Mediation is one of the most popular forms of non-court dispute resolution, with many separating couples achieving a resolution of the issues between them without the acrimony or cost of court proceedings. Nonetheless, there are many misperceptions surrounding it. For National Family Mediation Week, Partner and Head of the Family Non Court Dispute Resolution Group Claire Yorke takes on some of the myths (and truths) surrounding mediation.
Engaging in mediation will delay matters
False – Many people are reluctant to engage in mediation because they feel it is likely to fail and so they want to "get on with" court proceedings, rather than creating delay by engaging in mediation. In fact, mediation can significantly save time (and cost), by helping couples narrow the issues between them, or in many cases, reach a full agreement without needing court proceedings, which can often take many months (and on occasion years). Where a couple is in the midst of proceedings in respect of one aspect of their separation, for example finances, mediation can be helpful in resolving other aspects such as arrangements for their children.
Mediation is not suitable for HNW and UHNW couples
False – While mediation is often seen as a cost-effective option and straightforward cases can be very well suited to mediation, the presence of significant assets and/or complex asset structures does not mean a couple automatically need to issue court proceedings. Many mediators are very accustomed to dealing with highly complex cases and factual matrices. Mediation enables the couple to regain control of the process, reaching a resolution in a private and less confrontational way, with the benefit of expert financial, legal and other advice (as required) to inform their discussions.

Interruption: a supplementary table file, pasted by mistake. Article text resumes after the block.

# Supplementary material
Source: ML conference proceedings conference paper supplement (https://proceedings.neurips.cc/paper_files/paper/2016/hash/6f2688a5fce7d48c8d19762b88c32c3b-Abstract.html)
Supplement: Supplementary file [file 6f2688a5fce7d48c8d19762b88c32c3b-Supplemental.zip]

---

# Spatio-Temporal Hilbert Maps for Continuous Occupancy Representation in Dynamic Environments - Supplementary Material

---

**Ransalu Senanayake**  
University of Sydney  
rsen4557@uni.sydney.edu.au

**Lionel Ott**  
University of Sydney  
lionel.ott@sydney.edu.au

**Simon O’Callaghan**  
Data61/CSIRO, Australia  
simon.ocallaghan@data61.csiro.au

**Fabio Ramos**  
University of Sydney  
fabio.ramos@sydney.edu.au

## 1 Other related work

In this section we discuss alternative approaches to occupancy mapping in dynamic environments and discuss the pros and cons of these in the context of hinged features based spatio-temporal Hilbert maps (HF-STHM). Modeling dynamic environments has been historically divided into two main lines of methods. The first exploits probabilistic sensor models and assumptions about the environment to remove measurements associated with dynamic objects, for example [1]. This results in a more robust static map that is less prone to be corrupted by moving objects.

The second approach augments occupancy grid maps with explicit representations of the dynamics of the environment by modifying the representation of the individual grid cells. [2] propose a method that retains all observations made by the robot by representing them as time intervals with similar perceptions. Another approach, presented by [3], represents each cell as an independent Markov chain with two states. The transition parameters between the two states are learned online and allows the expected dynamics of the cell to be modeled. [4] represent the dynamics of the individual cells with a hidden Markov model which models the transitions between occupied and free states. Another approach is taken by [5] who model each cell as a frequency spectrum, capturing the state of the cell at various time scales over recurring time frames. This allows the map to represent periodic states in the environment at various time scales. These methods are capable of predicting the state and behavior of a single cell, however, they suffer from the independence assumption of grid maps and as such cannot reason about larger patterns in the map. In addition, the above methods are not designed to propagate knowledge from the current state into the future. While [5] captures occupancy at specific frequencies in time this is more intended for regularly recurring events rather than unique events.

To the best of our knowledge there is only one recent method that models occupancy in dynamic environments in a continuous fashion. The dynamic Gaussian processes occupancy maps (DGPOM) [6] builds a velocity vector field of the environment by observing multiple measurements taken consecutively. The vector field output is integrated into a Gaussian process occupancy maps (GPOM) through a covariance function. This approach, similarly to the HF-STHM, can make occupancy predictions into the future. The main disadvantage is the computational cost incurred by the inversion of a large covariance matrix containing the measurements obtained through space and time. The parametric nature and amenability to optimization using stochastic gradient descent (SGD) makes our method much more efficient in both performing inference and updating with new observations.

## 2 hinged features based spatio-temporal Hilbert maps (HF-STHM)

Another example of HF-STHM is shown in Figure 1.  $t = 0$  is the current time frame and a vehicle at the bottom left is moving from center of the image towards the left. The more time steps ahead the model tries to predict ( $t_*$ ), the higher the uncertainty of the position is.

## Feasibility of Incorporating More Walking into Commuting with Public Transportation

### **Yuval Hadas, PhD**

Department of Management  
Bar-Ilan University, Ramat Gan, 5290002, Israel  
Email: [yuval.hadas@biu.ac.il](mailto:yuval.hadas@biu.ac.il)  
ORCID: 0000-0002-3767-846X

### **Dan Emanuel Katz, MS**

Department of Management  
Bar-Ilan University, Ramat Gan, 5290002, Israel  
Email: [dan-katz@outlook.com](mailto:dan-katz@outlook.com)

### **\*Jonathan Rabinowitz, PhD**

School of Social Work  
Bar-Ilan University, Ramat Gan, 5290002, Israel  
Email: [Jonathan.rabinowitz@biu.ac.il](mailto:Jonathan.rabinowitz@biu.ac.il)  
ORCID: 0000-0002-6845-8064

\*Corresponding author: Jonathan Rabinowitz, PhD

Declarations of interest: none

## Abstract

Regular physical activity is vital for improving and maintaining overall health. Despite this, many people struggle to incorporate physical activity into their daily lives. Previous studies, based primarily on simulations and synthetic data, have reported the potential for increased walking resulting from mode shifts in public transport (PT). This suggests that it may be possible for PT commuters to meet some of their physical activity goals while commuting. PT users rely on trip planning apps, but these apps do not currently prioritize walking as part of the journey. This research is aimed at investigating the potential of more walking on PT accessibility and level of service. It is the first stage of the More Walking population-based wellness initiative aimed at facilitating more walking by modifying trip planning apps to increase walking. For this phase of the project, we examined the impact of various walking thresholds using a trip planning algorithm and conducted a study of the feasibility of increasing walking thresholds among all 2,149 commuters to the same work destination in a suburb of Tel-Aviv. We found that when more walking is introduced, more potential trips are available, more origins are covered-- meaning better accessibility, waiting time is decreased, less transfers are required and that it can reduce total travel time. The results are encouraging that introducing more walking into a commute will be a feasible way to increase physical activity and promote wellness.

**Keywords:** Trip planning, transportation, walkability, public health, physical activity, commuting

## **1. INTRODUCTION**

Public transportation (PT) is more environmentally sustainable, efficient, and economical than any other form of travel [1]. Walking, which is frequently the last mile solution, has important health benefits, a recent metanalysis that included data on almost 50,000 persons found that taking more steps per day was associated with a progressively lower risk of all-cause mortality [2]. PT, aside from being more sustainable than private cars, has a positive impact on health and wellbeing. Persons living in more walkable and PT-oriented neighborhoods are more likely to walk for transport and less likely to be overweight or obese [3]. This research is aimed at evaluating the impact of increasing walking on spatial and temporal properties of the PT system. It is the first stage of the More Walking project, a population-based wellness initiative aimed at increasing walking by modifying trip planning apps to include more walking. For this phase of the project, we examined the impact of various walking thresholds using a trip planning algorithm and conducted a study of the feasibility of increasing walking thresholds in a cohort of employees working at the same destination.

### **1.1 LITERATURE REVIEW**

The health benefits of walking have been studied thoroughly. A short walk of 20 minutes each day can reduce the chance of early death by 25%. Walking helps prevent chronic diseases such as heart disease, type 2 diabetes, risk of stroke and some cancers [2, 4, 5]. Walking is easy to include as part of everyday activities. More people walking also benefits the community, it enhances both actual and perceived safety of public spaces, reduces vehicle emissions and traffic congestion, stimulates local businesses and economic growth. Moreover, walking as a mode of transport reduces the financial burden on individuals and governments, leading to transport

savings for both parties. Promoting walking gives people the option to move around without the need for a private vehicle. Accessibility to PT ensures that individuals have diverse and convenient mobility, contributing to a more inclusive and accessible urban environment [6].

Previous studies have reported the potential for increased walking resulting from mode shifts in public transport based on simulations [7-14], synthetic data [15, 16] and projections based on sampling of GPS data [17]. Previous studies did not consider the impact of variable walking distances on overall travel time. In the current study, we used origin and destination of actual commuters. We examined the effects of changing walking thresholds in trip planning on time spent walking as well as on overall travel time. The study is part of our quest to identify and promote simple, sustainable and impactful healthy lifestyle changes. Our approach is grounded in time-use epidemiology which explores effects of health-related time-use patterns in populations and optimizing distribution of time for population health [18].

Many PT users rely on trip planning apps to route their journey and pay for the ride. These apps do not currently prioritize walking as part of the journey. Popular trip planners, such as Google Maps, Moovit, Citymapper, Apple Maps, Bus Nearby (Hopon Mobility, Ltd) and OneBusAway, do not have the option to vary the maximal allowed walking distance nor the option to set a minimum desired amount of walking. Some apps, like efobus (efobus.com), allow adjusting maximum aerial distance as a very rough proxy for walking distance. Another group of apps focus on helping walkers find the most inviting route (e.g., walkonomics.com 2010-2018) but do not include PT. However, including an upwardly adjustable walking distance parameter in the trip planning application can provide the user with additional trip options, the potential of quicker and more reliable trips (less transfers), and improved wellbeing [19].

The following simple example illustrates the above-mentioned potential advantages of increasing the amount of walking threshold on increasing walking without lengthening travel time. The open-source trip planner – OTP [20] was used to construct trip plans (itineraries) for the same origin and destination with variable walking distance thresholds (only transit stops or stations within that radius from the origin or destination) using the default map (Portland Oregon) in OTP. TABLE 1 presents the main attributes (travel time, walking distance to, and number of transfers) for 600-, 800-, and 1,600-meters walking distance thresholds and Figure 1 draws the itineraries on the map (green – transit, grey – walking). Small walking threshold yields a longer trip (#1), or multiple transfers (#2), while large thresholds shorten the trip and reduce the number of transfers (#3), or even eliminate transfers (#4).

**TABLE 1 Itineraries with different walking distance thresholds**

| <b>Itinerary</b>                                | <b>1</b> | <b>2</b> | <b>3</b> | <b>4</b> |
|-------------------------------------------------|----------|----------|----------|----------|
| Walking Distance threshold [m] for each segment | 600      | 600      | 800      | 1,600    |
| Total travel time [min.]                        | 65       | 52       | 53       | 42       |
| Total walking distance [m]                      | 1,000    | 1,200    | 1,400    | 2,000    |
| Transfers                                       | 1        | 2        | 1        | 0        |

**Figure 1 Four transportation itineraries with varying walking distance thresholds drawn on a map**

Mediation is never appropriate if there has been domestic abuse
False – Although great care needs to be taken in situations where there has been domestic abuse, and face-to face mediation with the couple in the same room is rarely appropriate, there are occasions where mediation may take place even where there has been a history of domestic abuse. A mediator will screen for domestic abuse and will ensure that appropriate safeguards are in place if mediation does go ahead to ensure that discussions progress in a safe, balanced environment where both parties feel supported. A survivor of abuse should never be pressurised to take part in mediation where they do not feel comfortable.
Mediation is a voluntary process
True – Mediation is always a voluntary process and the mediator will make sure at the outset that both parties are attending of their own free will. The couple know that by both choosing to attend they are invested in trying to reach a resolution between them without the acrimony of court proceedings.
True – A survey by the Family Mediation Council showed that of the first 7,214 families to use the Government's mediation voucher scheme (providing up to £500 towards the cost of mediation for eligible couples), 69% were able to reach agreement on some or all issues and as such were able to avoid court. Of the one third of cases where families funded further mediation themselves over and above that provided by the scheme, 76% were successful in reaching a resolution.